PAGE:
I love how books put you in other people’s shoes! This book really helped you understand what it’s like to be new to a country, and start in school when you do... Continue reading

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What's the story?

In IN THE YEAR OF THE BOAR AND JACKIE ROBINSON, a girl in China receives a letter from her father who's ventured to America to search for opportunity. Upon opening the letter, her mother smiles, her grandmother weeps, and her grandfather becomes angry. What could it mean, she wonders? Soon enough, she learns that her father is asking that she and her mother join him in the land across "the four seas." After withstanding more than a month of travel by ship and train, she arrives in Brooklyn, New York. The year is 1947. Where are the rickshaws that transport people to and from? Where are the markets for the cook to buy food? Soon she discovers is that the apartment her father has rented has no cook, no grand courtyard, and no bed for her. Shirley painfully undergoes the cultural transformation that many immigrants experience. She has difficulty with the language and she's amazed by the different types of people, their brazen shows of emotion. She becomes fascinated by this game called baseball that everyone loves, and she suffers utter loneliness as an outsider. Everything is "so foreign!" Will she find friends and a sense of belonging? Will she learn to balance the old and the new? 

Is it any good?

A whimsical and beautifully written book, this rendering of the immigrant experience holds many lessons. Told through the eyes of a fifth-grade girl living in 1947 Brooklyn, In the Year of the Boar and Jackie Robinson looks at issues of race and culture from a kid's perspective. Though her classmates tell Shirley Temple Wong to go "back to the laundry," calling her "Chop Suey," Shirley considers herself an ambassador of her culture, and refuses to sink to the kids' level. But after discovering a hero named Jackie Robinson, who burst through race barriers, she feels proud of her new home in this foreign land.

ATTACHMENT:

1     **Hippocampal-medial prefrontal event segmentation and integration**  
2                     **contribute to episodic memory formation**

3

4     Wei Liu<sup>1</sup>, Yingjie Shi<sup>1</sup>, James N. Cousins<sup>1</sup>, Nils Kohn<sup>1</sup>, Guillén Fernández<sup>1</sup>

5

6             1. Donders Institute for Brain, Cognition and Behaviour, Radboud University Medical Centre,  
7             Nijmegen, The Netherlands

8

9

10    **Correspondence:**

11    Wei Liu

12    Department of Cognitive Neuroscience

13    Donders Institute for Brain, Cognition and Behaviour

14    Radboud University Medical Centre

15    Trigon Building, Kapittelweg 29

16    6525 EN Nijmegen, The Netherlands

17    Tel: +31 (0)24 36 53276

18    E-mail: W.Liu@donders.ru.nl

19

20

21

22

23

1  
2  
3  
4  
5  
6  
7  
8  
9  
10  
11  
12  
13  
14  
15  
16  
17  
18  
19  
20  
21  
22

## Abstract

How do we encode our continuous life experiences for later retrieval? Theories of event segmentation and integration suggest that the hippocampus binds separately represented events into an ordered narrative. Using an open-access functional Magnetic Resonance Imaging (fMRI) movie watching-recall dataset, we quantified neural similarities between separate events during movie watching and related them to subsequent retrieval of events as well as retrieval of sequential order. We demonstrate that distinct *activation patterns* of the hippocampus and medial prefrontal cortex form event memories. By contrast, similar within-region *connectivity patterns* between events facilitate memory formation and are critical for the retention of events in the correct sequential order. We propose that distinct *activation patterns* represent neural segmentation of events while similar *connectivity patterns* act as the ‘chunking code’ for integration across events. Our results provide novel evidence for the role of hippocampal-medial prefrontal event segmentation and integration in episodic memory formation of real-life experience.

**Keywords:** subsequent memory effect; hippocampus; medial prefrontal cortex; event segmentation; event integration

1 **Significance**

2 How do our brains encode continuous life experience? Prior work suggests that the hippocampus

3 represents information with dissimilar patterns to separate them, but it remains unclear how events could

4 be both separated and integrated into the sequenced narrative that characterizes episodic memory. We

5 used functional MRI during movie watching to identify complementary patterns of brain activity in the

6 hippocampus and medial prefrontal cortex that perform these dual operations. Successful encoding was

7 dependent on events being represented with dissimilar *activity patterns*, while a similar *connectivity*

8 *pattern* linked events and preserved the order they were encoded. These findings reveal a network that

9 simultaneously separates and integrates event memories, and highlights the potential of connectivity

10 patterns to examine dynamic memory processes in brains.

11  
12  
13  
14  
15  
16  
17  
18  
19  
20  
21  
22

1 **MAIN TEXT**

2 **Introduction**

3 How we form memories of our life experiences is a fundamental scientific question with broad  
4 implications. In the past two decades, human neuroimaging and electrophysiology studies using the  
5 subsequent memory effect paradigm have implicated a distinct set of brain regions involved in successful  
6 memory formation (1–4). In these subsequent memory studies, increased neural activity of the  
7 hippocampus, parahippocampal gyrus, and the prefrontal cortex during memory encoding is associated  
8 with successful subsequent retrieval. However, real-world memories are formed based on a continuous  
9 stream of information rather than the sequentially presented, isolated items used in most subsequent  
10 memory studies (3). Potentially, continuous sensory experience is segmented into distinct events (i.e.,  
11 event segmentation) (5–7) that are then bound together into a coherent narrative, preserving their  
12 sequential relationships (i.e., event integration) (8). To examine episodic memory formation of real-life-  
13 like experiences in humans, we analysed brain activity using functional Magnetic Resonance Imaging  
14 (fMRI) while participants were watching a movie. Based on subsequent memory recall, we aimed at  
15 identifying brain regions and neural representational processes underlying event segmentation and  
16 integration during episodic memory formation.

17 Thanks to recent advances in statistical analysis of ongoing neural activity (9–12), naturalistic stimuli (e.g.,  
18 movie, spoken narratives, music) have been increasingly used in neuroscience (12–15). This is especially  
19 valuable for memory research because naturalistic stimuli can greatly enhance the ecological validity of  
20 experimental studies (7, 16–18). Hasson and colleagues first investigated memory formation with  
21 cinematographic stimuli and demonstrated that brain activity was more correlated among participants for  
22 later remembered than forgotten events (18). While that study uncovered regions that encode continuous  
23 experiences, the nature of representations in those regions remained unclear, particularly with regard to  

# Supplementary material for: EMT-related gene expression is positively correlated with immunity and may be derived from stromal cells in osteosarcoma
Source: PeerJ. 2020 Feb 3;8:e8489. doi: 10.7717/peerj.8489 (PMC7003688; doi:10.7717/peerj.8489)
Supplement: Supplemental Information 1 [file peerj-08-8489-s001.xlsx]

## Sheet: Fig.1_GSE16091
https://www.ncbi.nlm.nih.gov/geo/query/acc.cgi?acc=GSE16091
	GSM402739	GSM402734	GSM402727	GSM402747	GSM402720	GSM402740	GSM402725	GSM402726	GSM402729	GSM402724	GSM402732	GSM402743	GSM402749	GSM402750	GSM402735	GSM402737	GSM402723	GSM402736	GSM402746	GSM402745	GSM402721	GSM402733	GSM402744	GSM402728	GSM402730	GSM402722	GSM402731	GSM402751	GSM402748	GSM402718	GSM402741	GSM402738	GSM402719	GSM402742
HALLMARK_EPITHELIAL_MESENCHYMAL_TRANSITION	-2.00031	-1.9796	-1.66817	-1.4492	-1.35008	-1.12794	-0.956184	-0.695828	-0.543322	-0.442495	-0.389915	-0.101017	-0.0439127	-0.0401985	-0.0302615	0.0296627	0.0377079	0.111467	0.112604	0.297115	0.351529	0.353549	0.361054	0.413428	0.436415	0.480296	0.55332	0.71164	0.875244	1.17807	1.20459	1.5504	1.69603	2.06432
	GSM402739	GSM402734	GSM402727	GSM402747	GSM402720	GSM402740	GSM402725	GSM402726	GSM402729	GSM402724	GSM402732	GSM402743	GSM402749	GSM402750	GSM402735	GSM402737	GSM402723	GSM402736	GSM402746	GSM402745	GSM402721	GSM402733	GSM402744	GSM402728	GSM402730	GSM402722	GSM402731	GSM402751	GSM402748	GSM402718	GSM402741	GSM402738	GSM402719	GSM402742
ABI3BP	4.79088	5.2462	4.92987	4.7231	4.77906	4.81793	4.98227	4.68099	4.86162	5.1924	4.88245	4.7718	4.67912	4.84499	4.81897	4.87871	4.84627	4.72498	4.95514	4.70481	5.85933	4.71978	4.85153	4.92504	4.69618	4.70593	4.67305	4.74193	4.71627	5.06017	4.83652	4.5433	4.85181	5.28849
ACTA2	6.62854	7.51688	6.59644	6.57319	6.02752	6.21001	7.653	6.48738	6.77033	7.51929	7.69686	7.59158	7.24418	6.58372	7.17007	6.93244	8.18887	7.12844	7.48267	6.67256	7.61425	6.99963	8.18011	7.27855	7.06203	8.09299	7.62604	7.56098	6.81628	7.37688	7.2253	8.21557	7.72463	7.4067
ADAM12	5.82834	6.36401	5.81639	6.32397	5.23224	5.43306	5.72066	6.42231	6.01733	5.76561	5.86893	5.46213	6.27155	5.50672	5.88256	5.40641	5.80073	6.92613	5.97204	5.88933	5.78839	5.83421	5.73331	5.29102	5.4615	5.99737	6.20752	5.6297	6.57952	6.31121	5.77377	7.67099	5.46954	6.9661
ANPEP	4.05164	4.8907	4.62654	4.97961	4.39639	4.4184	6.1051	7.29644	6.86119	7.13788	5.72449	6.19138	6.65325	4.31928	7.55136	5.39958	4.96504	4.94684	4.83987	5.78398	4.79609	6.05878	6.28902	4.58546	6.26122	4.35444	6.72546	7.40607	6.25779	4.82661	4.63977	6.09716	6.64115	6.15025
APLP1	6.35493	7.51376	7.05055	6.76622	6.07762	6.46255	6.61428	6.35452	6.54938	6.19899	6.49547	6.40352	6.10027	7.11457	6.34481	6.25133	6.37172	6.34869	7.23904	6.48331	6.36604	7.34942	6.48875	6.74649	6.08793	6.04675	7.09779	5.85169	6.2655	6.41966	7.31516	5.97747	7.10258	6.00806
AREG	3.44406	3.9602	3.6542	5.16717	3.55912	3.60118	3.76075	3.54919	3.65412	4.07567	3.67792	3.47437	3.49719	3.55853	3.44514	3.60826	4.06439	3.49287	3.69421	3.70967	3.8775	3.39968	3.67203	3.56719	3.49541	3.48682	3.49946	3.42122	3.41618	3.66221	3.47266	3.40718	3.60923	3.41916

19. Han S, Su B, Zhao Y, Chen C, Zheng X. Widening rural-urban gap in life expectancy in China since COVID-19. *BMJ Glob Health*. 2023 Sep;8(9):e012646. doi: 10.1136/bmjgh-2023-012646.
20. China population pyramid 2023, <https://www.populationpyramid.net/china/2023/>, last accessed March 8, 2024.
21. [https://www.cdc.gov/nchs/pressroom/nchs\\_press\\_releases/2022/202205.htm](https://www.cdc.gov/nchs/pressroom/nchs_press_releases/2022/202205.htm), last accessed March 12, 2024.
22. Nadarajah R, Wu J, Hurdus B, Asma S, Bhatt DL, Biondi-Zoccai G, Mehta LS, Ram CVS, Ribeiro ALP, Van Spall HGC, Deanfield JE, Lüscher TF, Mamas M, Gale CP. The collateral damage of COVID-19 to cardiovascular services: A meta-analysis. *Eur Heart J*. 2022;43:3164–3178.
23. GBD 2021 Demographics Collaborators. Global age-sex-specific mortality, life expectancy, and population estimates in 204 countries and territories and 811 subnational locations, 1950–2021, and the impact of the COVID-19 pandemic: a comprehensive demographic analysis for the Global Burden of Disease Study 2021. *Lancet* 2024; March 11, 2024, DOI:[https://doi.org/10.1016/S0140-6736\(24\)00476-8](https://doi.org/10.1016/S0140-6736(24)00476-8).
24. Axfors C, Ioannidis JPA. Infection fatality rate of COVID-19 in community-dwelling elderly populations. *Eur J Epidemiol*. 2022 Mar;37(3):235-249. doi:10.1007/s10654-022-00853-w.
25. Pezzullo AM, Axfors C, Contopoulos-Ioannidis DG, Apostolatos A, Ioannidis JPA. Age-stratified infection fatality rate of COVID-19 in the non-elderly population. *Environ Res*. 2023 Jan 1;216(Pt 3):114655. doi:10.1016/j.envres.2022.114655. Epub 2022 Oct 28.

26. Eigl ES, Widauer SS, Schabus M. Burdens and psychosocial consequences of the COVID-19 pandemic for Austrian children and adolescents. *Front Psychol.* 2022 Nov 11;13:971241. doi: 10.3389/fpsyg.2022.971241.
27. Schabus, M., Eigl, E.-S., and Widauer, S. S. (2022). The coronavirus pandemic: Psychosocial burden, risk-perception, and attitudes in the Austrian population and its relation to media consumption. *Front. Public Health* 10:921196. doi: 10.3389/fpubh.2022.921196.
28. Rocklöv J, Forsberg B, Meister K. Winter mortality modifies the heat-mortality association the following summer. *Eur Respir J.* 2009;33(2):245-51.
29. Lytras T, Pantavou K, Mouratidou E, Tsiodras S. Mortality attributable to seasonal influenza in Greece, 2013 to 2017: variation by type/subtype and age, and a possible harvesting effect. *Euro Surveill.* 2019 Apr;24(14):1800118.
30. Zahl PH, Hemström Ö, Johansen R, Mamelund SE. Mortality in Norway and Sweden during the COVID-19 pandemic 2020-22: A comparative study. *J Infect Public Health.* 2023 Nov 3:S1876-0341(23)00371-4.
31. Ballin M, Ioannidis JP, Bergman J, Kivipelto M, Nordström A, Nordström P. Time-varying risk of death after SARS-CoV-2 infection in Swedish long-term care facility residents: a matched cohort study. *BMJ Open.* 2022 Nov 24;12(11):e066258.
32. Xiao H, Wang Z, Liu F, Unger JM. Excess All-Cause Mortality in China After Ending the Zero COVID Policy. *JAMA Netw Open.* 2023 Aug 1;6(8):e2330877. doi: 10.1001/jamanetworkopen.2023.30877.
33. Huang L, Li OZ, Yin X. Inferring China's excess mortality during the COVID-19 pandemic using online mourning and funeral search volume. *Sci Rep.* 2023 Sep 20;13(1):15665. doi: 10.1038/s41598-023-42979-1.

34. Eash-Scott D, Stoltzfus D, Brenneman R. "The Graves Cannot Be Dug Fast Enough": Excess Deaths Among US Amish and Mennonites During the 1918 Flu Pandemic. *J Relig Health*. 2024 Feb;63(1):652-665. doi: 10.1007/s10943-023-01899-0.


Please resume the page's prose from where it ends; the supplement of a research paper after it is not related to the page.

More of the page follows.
Shirley's memories of her sophisticated heritage begin to blend with the everyday pop of Juicy Fruit gum, the thrilling experience of a neighborhood stickball game, and the sting of a black eye. Kids will like the descriptions of the people who do interesting things -- like Senora Rodriguez's habit of removing her dentures during a piano lesson. They will appreciate Shirley's gumption and grace; she teaches by doing. And her refined pride -- even when she's the butt of a joke -- is a comforting lesson in itself.  

Talk to your kids about ...

  • Families can talk about how race and ethnicity are dealt with in In the Year of the Boar and Jackie Robinson. It's set in 1947, and though Brooklyn, New York, was a melting pot of many ethnicities, main character Shirley Temple Wong notices the differences. How did kids deal with racism then? How do we talk about race now now?

  • Shirley is glued to the radio when her baseball team is playing. Do you get hooked on media when something exciting is going on? How does Shirley's focus on media affect her babysitting duties?

  • How does Shirley keep in touch with her family in China? How would it be different today? How have connection platforms and social media changed the experience of living in a foreign land?

Book details

Our editors recommend

For kids who love stories of immigrants and Asian characters